Ray Collins took over pitching duties for the Red Sox in the bottom of the second inning and pitched very well. He scattered five hits over seven innings. There were two singles in the Giants’ third but both hitters erased themselves – Murray by trying to stretch his single to a double and Merkle by unsuccessfully trying to steal second. Meyers was the only Giant to reach third base against Collins but was stranded there after his one-out triple in the fourth.
The Red Sox hit two long drives off Marquard in the top of the third, but both were caught. An inning later, Snodgrass’s “remarkable jumping catch” robbed Wagner of a homer near the wall in center field.14 The Red Sox also had a couple of singles in the fourth, but Collins hit into an inning-ending double play. There were more long balls hit, and a few hard-hit grounders, but the Red Sox got only one hit in the final five innings, a single by Yerkes in the eighth. The Giants closed out their 5-2 win. They now trailed the World Series three games to two.
Murnane wrote that the first inning alone took 33 minutes to play, but the remainder of the game was completed in an additional 85 minutes, for a total time of 1:58. A crowd of 30,622 was in attendance.
As was common at this time, participants from both teams shared their views in ghostwritten columns. Jeff Tesreau asserted that the Red Sox “had none of the ginger that had characterized them in the other games, and if I am not mistaken, they have shot their bolt.” He thought they’d been too eager to wrap it up, and were now “beginning to stagger.”15 That was the theme of McGraw’s piece as well; his nationally syndicated article about his Giants ran in the New York Times under the headline “Team Has Struck Its Stride.”16
Christy Mathewson offered insight into the Giants’ decisive first inning. He indicated that two coaches were riding O’Brien from the lines. He revealed that McGraw had signaled for a double steal with runners on first and third, but O’Brien’s run-scoring balk rendered that academic. “The balk beat O’Brien,” Matty wrote. “He could not come back. He just caved in, and right there our luck changed; we got all of the ‘breaks’ and, with two out, we gave O’Brien a harder whaling than any other pitcher had received in the Series.”17
Red Sox Century says Joe Wood’s brother Paul, “enraged at losing one hundred dollars on the game, sought out O’Brien and blackened one of the pitcher’s eyes in a wild fistfight. Although the incident was widely reported and later denied, the team was clearly in trouble.”18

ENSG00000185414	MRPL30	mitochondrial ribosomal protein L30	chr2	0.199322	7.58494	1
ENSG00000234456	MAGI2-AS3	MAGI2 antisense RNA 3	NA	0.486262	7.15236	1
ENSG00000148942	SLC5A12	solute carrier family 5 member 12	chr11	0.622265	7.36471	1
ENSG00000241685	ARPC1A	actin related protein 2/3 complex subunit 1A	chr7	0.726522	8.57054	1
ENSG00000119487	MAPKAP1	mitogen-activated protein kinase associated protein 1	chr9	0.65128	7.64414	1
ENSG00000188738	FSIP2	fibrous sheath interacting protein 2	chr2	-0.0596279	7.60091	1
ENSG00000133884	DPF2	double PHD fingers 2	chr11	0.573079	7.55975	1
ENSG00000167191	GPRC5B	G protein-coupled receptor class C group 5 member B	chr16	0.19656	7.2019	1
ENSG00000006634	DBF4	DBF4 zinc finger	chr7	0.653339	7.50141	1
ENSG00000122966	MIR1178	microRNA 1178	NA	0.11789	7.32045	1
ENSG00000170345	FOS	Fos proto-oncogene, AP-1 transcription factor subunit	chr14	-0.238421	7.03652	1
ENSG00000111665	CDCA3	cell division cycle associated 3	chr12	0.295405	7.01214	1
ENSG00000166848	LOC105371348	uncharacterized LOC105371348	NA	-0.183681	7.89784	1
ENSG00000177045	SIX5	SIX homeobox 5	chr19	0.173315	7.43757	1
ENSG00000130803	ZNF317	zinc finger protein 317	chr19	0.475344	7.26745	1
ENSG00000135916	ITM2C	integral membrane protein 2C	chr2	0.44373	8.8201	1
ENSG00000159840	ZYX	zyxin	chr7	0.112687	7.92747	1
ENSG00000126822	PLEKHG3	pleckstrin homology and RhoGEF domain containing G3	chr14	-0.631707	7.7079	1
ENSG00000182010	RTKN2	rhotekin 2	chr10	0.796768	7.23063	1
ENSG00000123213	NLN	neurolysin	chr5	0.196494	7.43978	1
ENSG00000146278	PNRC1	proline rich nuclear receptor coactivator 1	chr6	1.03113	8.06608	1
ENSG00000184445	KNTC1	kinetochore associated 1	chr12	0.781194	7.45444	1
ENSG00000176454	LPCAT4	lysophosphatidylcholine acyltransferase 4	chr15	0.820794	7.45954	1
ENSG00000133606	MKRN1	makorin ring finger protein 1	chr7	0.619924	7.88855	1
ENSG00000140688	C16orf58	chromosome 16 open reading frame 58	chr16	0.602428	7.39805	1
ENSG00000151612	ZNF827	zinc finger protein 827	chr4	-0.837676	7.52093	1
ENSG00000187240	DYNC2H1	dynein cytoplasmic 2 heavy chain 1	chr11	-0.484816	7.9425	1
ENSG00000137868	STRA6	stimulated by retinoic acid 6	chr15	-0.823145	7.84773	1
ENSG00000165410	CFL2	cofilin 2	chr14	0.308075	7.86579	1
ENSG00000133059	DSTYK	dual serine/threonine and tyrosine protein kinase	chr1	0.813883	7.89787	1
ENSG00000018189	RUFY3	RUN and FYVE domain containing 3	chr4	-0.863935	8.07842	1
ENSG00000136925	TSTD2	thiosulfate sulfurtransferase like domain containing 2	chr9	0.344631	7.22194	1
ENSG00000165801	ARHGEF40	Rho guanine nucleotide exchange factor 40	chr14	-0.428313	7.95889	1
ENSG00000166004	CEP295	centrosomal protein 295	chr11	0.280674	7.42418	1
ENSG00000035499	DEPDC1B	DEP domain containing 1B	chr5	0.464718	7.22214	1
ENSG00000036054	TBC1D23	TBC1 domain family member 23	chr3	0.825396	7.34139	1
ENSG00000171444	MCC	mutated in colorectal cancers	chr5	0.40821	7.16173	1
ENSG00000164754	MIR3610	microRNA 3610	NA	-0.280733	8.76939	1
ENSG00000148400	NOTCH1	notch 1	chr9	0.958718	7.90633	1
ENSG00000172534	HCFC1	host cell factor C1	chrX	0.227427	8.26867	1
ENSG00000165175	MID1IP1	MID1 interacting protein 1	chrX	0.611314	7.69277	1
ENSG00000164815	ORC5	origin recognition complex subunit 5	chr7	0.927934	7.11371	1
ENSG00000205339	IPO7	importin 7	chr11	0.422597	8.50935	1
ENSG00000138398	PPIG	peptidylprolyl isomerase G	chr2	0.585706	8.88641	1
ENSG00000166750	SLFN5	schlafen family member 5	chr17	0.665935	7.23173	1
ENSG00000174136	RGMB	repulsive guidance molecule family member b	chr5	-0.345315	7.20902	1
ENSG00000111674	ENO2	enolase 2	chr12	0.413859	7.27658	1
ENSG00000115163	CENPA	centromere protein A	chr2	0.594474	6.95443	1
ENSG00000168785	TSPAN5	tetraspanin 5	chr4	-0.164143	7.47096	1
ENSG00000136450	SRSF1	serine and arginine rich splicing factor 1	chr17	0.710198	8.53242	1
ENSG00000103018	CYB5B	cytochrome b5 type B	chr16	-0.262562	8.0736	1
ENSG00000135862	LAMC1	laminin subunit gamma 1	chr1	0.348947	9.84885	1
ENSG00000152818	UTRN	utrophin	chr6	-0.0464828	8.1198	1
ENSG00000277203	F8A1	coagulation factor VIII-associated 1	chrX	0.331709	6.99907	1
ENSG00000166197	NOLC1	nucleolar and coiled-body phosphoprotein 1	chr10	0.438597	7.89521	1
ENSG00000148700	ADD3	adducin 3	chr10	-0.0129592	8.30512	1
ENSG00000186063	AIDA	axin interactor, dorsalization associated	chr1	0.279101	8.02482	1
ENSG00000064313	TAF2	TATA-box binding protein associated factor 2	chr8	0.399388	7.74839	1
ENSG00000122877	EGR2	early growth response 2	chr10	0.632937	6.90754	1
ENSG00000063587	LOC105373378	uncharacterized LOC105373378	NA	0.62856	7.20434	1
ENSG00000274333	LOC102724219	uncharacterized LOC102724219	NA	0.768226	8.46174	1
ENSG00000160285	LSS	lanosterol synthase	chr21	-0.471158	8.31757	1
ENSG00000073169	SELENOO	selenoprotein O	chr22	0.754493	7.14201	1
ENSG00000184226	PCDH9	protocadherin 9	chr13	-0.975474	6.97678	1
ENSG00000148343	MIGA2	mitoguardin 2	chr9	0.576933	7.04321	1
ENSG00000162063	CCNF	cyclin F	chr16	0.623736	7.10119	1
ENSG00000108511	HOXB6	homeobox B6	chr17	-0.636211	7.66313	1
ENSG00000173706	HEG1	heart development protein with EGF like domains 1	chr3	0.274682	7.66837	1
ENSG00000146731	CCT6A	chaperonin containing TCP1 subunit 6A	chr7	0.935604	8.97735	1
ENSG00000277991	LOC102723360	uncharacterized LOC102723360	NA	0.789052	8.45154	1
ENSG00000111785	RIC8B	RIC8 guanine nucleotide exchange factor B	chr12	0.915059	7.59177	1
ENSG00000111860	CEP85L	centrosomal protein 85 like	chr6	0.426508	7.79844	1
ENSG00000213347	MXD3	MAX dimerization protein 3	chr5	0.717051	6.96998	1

With an extra day of rest, though, Smoky Joe had the opportunity to close it out before the home crowd in Game Seven. Murnane reported that the Red Sox left New York “confident that they will win the game tomorrow.”19 The Boston rooters at the game didn’t seem the least discouraged; they staged an animated snake dance around the Boston bench and then paraded left to right, back and forth, making for the exits with the band blaring and shouts of “Tomorrow we’ll show them!”
In addition to the sources cited in the Notes, the author relied on Baseball-Reference.com and Retrosheet.org.
This article is adapted from “The 1912 World Series” which first appeared in Bill Nowlin, ed., Opening Fenway Park with Style: The World Champion 1912 Red Sox (Phoenix: SABR, 2012).
1 Hugh S. Fullerton, “Fullerton Praises Defense of Giants,” New York Times, October 13, 1912: 15.
2 Troy Soos, Before the Curse (Hyannis, Massachusetts: Parnassus Imprints, 1977), 139.
3 Glenn Stout and Richard A. Johnson, Red Sox Century (Boston: Houghton Mifflin, 2000), 86.
4 Red Sox Century, 86, 87.
5 T.H. Murnane, “With Bedient Pitching the Game of His Life, Red Sox Win, 2 to 1,” Boston Globe, October 13, 1912: 1.
6 Hugh S. Fullerton, “Fullerton Expects Final Game To-Day,” New York Times, October 14, 1912: 3.
7 Associated Press, “Marquard and Collins,” Los Angeles Times, October 14, 1912: III-1.
8 Troy Soos said McAleer’s dictate “caused a rift between McAleer and Stahl that never healed.” Before the Curse, 139.
9 Red Sox Century, 87.
10 “Red Sox Are Confident of Victory Over Giants Today,” Washington Post, October 14, 1912: 8.
11 Citing rumor, Stout and Johnson even suggested a conspiratorial thought, that McAleer might have wagered on the Giants for Game Five, and even picked up O’Brien’s bar tab. Red Sox Century, 87.
12 T.H. Murnane, “Boston Beaten, 5 to 2, by Desperate Giants,” Boston Globe, October 15, 1912: 1.
13 “Giants Win in First Inning,” Los Angeles Times, October 15, 1912: III-1.
14 T.H. Murnane, “Boston Beaten, 5 to 2, by Desperate Giants”: 6.
15 Jeff Tesreau, “Tesreau Says Giants Will Spring Surprise in Series,” Washington Post, October 15, 1912: 4.
16 John McGraw, “Team Has Struck Its Stride,” New York Times, October 15, 1912: 7.
17 Christy Mathewson, “Boston Beaten by That Balk,” Boston Globe, October 15, 1912: 7.
18 Red Sox Century, 87.
19 T.H. Murnane, 6.